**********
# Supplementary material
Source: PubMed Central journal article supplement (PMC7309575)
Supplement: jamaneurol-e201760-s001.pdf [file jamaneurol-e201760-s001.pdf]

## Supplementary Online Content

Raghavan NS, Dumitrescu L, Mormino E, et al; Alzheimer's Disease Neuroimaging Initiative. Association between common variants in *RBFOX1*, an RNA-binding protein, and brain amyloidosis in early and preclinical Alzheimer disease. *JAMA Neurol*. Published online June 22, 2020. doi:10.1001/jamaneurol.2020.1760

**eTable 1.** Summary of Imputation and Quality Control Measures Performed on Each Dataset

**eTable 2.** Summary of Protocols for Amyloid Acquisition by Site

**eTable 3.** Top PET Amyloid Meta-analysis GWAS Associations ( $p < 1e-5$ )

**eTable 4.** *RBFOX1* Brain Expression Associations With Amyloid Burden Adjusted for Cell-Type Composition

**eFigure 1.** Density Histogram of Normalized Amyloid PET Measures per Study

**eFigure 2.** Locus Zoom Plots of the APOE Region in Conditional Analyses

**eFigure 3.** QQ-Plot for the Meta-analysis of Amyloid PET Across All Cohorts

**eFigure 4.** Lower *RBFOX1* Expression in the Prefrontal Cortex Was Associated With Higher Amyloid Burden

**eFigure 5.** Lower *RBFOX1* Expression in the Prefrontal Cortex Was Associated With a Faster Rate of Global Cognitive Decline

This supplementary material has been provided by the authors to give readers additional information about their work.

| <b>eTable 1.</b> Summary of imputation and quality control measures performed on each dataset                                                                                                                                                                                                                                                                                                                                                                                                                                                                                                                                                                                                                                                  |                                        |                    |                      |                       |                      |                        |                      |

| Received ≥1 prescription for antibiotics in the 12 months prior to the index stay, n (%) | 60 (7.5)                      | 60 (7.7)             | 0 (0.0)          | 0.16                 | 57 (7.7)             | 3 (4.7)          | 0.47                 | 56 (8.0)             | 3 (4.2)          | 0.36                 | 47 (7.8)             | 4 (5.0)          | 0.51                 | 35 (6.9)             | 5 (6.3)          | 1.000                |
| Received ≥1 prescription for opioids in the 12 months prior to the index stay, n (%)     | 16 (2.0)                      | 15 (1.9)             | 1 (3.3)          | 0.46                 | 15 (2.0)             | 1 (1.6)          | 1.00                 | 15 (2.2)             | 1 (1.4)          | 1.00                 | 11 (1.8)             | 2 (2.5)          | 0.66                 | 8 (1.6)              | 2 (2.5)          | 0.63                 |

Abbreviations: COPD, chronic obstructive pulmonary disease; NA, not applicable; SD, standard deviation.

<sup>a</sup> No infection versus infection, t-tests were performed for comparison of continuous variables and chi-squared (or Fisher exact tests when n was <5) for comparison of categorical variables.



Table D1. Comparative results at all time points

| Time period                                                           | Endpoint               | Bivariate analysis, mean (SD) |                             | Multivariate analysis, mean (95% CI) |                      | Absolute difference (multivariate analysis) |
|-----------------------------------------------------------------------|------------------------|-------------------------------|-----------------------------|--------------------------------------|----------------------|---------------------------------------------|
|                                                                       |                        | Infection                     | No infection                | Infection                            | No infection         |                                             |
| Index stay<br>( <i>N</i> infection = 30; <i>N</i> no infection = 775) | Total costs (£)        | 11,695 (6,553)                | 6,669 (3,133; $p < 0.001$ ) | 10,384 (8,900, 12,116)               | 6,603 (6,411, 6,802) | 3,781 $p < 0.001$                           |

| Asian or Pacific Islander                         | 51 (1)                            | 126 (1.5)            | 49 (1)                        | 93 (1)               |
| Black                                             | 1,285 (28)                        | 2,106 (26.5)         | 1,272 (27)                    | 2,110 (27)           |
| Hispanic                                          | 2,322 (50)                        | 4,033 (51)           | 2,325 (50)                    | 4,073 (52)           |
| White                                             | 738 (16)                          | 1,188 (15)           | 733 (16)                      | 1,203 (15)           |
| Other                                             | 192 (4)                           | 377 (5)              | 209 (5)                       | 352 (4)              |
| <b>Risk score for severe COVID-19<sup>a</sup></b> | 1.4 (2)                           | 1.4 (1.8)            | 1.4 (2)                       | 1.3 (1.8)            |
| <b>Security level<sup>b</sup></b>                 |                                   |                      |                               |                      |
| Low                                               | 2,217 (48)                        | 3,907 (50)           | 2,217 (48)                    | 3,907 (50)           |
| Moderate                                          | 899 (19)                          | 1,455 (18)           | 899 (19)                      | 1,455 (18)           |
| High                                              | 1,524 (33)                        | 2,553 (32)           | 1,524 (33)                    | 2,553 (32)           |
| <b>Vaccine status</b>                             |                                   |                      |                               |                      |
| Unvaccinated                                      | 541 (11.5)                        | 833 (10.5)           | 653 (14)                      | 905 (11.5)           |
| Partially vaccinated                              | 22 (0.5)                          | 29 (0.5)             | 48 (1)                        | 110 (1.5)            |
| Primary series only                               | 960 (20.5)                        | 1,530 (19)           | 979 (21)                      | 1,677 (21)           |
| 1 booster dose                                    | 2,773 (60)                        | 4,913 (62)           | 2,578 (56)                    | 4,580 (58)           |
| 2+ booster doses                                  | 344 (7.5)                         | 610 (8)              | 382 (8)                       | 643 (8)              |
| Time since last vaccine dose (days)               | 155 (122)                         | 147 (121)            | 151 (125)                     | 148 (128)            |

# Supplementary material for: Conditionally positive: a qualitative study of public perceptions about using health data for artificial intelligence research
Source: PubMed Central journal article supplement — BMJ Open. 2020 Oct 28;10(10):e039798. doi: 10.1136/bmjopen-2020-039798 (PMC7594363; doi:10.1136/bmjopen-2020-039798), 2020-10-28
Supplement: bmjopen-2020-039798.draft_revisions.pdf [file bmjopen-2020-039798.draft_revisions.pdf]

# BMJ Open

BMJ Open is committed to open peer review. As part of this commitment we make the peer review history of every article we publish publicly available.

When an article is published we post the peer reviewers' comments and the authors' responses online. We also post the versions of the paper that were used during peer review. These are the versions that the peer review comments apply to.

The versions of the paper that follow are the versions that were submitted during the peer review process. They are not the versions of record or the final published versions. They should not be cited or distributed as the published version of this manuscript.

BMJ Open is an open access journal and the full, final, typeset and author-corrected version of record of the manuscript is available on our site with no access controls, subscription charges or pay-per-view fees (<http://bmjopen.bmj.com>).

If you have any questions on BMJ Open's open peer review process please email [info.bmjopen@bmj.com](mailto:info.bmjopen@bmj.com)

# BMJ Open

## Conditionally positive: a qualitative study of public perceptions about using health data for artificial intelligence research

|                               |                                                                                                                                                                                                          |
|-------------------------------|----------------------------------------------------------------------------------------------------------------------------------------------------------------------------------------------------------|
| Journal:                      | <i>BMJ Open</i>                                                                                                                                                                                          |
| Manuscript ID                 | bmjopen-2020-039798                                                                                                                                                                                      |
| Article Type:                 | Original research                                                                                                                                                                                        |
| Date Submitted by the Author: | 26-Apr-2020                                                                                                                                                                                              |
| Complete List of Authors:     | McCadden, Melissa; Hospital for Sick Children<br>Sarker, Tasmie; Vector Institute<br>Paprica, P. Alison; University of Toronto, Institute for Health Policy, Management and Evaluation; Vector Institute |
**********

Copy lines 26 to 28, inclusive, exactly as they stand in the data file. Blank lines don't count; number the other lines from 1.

| Asian or Pacific Islander                         | 51 (1)                            | 126 (1.5)            | 49 (1)                        | 93 (1)               |
| Black                                             | 1,285 (28)                        | 2,106 (26.5)         | 1,272 (27)                    | 2,110 (27)           |
| Hispanic                                          | 2,322 (50)                        | 4,033 (51)           | 2,325 (50)                    | 4,073 (52)           |